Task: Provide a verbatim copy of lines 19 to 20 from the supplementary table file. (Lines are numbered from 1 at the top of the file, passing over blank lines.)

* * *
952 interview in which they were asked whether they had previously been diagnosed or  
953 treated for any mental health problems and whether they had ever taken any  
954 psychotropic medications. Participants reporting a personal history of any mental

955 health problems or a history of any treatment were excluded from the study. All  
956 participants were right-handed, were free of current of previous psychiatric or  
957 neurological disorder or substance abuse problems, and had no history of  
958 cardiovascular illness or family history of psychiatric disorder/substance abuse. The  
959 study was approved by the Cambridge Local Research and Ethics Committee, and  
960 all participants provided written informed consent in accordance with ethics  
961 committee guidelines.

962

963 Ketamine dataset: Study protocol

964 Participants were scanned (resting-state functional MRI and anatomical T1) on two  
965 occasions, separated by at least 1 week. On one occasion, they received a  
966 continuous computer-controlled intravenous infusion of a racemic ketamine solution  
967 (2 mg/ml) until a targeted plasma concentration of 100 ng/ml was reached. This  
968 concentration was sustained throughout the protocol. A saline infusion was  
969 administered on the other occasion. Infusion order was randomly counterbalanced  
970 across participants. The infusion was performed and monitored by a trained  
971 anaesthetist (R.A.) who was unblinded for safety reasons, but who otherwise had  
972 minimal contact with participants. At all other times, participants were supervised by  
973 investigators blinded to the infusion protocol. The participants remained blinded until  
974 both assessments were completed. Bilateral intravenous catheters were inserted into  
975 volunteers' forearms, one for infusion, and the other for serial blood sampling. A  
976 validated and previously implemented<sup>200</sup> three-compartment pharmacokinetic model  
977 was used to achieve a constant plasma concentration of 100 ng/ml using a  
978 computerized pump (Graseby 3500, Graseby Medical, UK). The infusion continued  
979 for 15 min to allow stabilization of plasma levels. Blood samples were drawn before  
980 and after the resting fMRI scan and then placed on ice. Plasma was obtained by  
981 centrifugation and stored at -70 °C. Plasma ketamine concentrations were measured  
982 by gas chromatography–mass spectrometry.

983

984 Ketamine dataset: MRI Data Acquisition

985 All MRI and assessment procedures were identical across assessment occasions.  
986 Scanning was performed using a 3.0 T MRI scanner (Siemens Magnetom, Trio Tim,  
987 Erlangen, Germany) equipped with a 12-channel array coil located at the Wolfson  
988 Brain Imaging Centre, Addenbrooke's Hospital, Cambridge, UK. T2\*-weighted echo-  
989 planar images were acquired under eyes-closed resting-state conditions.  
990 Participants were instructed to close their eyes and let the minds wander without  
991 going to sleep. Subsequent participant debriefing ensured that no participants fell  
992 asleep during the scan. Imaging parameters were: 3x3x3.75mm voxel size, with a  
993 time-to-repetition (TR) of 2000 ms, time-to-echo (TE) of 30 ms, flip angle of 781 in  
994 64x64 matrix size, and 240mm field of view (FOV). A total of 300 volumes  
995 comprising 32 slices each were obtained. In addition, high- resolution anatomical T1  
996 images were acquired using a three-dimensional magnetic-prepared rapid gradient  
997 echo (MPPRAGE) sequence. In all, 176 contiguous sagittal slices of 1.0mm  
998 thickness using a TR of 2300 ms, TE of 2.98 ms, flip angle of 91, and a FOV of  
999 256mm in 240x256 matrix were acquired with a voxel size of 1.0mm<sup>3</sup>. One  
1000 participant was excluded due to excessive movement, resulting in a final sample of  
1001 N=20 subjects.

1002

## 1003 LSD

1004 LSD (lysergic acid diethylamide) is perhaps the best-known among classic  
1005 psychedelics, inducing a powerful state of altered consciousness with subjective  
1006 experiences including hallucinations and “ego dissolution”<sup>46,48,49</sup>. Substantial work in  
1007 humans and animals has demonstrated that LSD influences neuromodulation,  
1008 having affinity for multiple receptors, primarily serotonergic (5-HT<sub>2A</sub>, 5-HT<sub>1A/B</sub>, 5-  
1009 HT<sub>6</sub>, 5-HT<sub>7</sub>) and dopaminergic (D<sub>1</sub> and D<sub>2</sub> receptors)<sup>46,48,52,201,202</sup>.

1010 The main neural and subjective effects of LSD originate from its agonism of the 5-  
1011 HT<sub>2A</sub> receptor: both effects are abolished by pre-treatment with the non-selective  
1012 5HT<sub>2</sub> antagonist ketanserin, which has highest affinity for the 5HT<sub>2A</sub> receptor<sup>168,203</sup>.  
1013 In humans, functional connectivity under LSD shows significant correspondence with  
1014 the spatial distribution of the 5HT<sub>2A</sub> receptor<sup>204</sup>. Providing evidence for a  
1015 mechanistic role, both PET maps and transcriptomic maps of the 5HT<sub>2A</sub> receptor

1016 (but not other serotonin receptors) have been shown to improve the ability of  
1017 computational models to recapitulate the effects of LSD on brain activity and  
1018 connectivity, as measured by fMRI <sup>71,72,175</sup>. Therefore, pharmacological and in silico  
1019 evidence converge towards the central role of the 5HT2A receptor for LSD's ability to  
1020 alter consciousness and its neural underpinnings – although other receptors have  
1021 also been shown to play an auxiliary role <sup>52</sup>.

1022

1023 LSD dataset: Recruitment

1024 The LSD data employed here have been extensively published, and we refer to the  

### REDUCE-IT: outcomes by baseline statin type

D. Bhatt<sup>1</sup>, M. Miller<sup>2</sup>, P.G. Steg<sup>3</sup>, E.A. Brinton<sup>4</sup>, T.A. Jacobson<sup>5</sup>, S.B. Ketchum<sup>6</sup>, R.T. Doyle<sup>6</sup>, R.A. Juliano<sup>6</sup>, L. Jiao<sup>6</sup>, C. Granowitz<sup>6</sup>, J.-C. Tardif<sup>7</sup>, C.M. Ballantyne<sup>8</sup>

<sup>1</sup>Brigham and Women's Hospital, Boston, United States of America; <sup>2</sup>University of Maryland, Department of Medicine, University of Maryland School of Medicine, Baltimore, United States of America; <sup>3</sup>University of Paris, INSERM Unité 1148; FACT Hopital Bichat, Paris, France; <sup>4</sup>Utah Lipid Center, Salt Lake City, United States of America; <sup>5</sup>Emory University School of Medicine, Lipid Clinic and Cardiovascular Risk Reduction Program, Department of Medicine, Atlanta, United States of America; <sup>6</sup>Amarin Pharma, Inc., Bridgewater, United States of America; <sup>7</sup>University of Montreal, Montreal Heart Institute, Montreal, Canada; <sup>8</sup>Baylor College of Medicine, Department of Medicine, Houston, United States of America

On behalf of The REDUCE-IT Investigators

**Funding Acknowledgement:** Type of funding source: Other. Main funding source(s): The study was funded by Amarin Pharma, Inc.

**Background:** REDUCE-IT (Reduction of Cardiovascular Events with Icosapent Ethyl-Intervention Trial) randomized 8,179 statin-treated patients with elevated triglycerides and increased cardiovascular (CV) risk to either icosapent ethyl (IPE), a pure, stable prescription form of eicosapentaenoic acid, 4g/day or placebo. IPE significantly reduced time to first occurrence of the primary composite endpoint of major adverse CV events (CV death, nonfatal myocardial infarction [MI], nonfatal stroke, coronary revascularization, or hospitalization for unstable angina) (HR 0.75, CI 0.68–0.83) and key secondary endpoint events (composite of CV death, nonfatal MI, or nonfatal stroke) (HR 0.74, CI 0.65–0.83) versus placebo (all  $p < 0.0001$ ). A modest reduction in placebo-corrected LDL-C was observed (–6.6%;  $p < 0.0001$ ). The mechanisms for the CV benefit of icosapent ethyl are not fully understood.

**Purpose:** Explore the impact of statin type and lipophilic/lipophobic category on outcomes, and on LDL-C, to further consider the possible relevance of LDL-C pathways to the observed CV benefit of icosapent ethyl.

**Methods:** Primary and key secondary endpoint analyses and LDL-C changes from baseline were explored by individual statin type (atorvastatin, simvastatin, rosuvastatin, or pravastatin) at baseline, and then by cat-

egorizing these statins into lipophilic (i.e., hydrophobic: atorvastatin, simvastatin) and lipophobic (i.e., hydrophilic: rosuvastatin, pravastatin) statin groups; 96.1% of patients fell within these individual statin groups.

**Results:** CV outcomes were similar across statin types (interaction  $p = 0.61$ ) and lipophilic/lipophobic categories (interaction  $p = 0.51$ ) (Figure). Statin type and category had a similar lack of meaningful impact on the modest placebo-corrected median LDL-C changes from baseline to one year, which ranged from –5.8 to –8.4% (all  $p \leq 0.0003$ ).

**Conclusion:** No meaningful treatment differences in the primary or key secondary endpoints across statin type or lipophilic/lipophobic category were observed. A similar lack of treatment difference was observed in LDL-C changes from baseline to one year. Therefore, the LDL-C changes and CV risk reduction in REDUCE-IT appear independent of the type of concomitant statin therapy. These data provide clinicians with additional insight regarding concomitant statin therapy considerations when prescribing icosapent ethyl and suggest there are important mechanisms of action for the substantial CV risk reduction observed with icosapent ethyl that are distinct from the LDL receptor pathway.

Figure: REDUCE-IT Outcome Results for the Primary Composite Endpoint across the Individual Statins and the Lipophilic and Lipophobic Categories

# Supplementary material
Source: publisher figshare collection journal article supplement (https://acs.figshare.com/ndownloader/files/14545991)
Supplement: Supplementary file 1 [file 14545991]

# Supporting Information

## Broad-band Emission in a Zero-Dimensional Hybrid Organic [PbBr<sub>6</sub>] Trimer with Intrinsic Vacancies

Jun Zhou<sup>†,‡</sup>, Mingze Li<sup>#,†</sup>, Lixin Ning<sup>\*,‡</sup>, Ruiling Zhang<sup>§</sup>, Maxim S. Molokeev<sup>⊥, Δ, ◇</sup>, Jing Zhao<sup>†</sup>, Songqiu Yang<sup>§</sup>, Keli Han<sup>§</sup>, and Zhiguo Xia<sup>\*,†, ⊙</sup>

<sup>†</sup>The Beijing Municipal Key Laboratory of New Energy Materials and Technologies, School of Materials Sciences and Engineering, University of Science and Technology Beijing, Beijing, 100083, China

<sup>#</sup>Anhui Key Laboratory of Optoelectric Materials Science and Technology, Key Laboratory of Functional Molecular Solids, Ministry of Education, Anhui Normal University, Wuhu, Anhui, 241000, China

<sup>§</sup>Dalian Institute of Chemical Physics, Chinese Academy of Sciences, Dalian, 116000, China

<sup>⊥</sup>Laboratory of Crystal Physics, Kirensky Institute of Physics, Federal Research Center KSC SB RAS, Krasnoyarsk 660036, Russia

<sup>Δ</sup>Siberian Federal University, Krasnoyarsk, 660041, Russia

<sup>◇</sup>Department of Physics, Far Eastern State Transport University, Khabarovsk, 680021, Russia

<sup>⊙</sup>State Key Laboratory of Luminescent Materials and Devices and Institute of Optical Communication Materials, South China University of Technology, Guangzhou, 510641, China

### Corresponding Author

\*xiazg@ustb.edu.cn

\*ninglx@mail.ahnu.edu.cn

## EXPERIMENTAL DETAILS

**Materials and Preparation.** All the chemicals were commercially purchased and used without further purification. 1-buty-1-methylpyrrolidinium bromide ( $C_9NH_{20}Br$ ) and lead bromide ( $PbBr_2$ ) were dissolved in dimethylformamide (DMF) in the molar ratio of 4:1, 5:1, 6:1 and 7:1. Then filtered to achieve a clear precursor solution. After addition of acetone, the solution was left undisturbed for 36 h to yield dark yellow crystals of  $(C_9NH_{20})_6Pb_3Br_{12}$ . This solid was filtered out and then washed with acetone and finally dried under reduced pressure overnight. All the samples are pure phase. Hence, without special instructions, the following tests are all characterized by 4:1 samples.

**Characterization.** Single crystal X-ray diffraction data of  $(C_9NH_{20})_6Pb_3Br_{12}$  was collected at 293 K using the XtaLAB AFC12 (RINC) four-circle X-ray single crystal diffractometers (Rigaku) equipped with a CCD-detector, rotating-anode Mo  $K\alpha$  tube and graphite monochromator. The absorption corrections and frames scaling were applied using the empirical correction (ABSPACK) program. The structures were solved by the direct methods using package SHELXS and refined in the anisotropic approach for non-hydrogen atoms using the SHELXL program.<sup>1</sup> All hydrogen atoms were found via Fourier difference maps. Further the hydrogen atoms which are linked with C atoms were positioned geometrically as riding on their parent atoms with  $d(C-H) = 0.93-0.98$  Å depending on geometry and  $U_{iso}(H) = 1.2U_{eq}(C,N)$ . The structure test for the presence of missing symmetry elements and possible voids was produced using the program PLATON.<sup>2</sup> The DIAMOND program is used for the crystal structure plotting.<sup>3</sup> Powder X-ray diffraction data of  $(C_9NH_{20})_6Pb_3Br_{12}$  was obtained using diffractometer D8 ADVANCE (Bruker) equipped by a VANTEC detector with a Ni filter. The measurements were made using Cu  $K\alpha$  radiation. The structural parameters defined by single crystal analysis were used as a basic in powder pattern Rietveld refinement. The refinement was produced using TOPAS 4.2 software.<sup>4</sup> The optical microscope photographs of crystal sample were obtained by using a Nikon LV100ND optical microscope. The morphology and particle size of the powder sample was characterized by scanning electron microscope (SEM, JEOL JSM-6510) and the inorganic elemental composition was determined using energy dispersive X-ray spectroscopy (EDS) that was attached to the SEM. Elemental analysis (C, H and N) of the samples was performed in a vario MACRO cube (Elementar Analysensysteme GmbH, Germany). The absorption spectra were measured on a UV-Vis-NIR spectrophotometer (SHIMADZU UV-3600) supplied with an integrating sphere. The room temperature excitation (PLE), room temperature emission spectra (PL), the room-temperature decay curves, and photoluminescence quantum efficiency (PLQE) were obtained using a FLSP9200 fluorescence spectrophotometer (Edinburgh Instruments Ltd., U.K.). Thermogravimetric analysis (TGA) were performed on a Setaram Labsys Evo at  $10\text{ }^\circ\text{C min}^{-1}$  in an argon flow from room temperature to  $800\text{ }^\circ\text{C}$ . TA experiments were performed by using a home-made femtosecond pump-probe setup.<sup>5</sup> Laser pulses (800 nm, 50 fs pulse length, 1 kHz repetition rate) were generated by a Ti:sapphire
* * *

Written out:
970 across participants. The infusion was performed and monitored by a trained  
971 anaesthetist (R.A.) who was unblinded for safety reasons, but who otherwise had  